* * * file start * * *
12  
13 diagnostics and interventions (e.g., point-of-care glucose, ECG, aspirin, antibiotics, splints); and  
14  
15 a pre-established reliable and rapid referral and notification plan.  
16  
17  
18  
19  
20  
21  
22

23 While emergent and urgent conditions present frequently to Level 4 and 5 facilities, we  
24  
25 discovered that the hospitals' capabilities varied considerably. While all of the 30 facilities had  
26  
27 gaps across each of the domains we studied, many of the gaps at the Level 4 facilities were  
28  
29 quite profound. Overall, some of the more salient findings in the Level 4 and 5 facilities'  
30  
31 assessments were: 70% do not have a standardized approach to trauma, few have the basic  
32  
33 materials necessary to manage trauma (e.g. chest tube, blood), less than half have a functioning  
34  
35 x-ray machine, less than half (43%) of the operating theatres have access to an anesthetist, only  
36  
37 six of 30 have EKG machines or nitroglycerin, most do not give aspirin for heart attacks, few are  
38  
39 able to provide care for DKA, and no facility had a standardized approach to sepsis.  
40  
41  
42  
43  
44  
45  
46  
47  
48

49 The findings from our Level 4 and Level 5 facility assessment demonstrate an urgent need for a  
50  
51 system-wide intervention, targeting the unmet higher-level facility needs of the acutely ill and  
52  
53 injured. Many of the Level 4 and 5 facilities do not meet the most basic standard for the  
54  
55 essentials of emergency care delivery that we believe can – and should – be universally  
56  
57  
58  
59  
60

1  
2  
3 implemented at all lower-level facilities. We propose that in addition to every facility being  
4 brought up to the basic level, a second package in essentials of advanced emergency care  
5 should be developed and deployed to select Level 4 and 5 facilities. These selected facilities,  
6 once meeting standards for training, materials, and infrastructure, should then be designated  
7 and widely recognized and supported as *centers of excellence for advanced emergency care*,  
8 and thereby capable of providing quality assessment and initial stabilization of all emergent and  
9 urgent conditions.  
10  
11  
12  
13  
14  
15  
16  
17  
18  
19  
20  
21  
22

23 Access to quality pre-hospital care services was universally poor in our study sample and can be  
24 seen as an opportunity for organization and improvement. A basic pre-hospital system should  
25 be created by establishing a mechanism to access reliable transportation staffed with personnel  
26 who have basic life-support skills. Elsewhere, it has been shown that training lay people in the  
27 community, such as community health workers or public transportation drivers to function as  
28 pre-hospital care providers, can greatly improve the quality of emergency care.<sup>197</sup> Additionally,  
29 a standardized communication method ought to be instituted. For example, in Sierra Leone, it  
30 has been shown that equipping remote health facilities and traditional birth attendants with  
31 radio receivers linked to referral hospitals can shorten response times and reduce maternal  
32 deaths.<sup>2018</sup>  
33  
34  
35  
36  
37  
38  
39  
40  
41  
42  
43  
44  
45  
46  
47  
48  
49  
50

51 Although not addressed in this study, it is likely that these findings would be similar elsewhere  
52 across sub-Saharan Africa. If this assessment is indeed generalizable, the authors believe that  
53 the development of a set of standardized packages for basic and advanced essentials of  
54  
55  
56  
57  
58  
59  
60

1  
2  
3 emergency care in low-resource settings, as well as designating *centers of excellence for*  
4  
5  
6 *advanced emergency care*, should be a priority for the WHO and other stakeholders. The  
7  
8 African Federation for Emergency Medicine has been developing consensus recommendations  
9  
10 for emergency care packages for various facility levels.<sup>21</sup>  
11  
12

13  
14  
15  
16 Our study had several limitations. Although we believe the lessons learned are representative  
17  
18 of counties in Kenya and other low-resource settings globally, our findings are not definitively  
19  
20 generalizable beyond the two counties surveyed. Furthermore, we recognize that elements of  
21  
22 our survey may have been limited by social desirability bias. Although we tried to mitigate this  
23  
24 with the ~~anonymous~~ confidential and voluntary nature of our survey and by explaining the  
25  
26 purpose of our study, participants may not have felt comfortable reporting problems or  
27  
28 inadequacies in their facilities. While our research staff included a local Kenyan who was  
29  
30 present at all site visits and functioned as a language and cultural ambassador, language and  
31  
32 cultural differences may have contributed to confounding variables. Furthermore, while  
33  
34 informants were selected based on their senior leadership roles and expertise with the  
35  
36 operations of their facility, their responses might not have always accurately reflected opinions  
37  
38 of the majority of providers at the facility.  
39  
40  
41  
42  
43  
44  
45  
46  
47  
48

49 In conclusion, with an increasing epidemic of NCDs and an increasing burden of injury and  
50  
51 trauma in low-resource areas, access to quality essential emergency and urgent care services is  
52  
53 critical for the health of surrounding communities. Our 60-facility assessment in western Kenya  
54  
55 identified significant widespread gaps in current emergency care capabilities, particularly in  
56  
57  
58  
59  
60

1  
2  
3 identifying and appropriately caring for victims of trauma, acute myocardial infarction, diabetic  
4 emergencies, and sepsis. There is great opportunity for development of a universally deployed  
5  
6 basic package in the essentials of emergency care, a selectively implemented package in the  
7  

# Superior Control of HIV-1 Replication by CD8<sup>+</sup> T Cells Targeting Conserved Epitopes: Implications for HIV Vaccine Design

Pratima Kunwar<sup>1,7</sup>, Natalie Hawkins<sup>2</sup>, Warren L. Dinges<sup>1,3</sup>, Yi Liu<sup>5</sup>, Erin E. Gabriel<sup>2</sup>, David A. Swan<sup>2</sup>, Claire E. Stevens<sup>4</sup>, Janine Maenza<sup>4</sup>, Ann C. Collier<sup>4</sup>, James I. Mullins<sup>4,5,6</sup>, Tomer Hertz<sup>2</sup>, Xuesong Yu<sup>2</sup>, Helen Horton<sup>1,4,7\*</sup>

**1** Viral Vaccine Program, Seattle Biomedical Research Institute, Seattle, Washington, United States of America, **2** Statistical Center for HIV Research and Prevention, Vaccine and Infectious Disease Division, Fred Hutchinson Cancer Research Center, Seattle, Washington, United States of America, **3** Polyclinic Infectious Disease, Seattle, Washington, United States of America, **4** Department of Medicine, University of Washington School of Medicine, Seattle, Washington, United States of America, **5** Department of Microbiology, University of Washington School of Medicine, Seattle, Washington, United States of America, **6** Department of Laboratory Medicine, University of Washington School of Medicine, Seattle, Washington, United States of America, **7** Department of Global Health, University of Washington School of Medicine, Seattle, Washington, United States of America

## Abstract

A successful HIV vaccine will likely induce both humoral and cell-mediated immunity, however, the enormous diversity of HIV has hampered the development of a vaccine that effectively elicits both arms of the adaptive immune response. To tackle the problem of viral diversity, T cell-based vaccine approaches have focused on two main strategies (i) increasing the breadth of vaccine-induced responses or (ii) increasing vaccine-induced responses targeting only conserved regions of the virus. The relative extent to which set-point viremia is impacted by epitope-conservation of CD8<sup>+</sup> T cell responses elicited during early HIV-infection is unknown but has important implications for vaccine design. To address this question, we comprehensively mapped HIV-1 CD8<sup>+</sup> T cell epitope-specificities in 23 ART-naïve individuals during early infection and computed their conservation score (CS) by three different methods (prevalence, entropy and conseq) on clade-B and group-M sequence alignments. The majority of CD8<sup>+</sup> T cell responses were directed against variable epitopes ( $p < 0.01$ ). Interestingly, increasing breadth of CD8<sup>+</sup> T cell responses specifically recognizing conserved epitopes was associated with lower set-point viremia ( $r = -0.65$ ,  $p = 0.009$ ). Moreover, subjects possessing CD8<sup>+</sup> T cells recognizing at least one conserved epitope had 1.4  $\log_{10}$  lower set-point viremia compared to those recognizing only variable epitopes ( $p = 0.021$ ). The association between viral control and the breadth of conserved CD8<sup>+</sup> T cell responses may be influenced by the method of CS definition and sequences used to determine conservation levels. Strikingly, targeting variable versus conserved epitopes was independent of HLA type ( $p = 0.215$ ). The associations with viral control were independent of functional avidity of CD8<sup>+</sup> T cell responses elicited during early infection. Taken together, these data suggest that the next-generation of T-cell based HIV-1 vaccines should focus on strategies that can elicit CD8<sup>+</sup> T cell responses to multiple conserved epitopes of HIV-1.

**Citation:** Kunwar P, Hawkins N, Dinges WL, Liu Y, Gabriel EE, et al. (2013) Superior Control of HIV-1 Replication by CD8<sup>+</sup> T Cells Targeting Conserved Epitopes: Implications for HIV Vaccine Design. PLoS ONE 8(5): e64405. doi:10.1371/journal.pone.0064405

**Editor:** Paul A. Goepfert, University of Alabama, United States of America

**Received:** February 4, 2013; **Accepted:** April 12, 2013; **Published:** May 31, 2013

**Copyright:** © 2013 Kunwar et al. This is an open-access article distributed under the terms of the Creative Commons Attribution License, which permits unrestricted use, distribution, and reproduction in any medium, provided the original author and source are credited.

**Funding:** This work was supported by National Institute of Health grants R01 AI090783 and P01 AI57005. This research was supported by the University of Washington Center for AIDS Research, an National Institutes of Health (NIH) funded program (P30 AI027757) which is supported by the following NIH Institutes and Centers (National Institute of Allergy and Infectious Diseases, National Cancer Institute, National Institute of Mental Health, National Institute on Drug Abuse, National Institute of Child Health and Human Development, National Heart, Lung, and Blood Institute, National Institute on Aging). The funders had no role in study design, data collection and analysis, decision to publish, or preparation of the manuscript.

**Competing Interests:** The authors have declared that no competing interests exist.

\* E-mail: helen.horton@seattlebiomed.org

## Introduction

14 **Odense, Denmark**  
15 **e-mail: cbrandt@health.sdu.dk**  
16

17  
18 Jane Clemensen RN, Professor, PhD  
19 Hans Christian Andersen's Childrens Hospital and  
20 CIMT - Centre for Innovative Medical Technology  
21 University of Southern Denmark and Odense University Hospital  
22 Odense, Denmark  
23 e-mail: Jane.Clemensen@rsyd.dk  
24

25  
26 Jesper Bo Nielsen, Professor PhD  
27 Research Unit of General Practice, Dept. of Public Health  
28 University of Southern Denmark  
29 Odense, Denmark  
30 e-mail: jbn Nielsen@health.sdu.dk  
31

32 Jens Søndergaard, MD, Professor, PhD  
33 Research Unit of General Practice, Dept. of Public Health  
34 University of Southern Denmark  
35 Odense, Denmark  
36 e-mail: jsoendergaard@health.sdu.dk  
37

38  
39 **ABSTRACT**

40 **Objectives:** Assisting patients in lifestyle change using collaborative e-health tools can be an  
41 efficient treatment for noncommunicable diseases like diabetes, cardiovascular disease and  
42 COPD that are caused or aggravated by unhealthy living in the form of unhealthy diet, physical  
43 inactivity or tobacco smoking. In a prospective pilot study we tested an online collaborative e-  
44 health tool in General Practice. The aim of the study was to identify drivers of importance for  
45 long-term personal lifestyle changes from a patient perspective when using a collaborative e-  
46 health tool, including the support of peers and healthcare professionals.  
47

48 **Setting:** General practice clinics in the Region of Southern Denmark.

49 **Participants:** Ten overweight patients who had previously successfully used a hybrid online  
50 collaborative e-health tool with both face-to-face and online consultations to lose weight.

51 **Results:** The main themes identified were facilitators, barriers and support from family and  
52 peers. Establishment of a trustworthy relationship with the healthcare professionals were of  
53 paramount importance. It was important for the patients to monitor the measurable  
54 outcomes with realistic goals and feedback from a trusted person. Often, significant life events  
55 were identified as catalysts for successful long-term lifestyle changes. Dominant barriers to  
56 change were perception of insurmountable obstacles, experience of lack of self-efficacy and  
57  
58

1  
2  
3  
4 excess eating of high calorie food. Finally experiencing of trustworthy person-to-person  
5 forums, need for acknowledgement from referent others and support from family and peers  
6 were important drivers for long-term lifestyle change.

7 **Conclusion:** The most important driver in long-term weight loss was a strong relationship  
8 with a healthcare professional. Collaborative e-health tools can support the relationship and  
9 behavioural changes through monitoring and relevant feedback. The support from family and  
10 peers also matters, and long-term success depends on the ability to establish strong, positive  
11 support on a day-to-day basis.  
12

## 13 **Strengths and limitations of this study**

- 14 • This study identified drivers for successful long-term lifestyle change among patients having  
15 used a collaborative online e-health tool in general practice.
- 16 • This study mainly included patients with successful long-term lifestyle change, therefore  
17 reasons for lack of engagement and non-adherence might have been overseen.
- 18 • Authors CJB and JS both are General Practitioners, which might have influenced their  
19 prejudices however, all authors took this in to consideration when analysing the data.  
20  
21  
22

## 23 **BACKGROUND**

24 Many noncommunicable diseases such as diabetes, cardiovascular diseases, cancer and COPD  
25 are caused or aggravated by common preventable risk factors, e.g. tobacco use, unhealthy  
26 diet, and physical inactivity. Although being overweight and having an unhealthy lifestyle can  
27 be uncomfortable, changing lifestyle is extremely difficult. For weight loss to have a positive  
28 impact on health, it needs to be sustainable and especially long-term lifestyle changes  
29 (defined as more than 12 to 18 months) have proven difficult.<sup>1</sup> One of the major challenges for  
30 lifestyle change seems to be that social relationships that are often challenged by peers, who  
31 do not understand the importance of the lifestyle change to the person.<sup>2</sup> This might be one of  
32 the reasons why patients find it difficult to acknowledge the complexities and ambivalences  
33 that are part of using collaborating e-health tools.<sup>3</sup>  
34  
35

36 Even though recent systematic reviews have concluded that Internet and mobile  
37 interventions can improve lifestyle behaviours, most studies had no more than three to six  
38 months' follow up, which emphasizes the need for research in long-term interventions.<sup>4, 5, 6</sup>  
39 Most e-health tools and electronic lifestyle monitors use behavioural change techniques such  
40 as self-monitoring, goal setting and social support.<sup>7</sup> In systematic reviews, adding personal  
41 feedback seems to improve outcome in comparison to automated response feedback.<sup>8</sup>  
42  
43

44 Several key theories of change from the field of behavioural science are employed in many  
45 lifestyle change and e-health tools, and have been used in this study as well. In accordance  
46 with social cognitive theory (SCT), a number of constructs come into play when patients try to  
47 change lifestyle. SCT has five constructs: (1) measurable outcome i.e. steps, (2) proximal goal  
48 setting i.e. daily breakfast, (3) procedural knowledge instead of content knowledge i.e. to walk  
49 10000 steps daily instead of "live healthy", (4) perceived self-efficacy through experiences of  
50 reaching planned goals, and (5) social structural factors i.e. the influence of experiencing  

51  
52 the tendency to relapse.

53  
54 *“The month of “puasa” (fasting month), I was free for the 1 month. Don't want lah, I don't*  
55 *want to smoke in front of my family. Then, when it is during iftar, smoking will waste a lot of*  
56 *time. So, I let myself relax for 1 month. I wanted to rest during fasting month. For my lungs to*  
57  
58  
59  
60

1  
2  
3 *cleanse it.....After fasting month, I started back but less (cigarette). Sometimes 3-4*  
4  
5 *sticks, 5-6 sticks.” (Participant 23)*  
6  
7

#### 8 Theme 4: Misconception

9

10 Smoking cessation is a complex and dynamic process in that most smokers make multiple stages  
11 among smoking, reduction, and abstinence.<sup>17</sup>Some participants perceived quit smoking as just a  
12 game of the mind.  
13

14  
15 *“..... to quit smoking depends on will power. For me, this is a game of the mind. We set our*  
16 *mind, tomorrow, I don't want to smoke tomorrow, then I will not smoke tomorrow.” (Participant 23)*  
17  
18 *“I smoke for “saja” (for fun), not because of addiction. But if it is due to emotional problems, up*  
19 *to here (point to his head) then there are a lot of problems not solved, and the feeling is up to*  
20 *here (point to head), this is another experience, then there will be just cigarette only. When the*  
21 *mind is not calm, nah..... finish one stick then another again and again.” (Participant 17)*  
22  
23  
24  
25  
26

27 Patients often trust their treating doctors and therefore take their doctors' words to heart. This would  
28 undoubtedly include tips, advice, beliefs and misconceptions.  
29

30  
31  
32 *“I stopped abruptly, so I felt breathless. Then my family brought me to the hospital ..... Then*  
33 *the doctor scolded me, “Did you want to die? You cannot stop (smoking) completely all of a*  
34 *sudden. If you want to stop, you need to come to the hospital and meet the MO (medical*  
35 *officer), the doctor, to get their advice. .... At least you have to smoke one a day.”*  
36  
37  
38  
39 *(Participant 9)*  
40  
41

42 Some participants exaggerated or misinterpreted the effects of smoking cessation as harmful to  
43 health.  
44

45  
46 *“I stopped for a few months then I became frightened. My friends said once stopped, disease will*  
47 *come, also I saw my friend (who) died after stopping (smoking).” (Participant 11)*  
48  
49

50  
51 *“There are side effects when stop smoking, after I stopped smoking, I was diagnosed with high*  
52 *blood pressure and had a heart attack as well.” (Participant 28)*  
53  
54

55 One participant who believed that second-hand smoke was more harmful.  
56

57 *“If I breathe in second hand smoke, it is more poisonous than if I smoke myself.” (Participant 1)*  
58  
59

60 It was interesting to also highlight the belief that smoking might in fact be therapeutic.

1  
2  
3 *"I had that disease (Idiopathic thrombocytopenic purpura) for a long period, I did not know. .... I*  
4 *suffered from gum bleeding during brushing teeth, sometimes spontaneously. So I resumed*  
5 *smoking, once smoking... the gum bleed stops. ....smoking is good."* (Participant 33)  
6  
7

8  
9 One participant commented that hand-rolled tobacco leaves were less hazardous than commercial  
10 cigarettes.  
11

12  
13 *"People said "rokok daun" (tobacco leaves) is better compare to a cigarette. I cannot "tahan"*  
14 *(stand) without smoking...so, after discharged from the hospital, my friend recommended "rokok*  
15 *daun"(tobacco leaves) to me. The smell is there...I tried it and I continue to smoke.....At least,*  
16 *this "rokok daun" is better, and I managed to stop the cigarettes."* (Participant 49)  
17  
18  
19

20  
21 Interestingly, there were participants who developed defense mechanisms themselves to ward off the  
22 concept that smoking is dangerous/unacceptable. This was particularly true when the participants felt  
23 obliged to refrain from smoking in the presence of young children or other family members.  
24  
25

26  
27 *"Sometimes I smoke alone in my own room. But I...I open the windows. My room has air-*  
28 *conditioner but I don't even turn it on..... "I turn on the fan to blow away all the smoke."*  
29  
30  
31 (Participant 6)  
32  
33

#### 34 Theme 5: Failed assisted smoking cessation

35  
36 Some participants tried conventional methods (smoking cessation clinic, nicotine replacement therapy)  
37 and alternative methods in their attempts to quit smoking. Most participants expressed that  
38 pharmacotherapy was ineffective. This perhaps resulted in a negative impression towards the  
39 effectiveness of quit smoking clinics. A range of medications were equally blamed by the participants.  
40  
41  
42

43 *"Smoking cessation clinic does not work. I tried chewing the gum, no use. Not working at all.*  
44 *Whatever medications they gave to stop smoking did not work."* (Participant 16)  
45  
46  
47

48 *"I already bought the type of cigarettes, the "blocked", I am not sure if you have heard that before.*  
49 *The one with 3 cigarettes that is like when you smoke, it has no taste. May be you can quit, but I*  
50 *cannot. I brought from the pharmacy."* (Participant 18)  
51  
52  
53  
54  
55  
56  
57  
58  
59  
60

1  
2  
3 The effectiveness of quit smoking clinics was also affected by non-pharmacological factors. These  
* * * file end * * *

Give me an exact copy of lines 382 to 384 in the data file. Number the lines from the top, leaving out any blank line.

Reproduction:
28 *conditioner but I don't even turn it on..... "I turn on the fan to blow away all the smoke."*  
29  
30  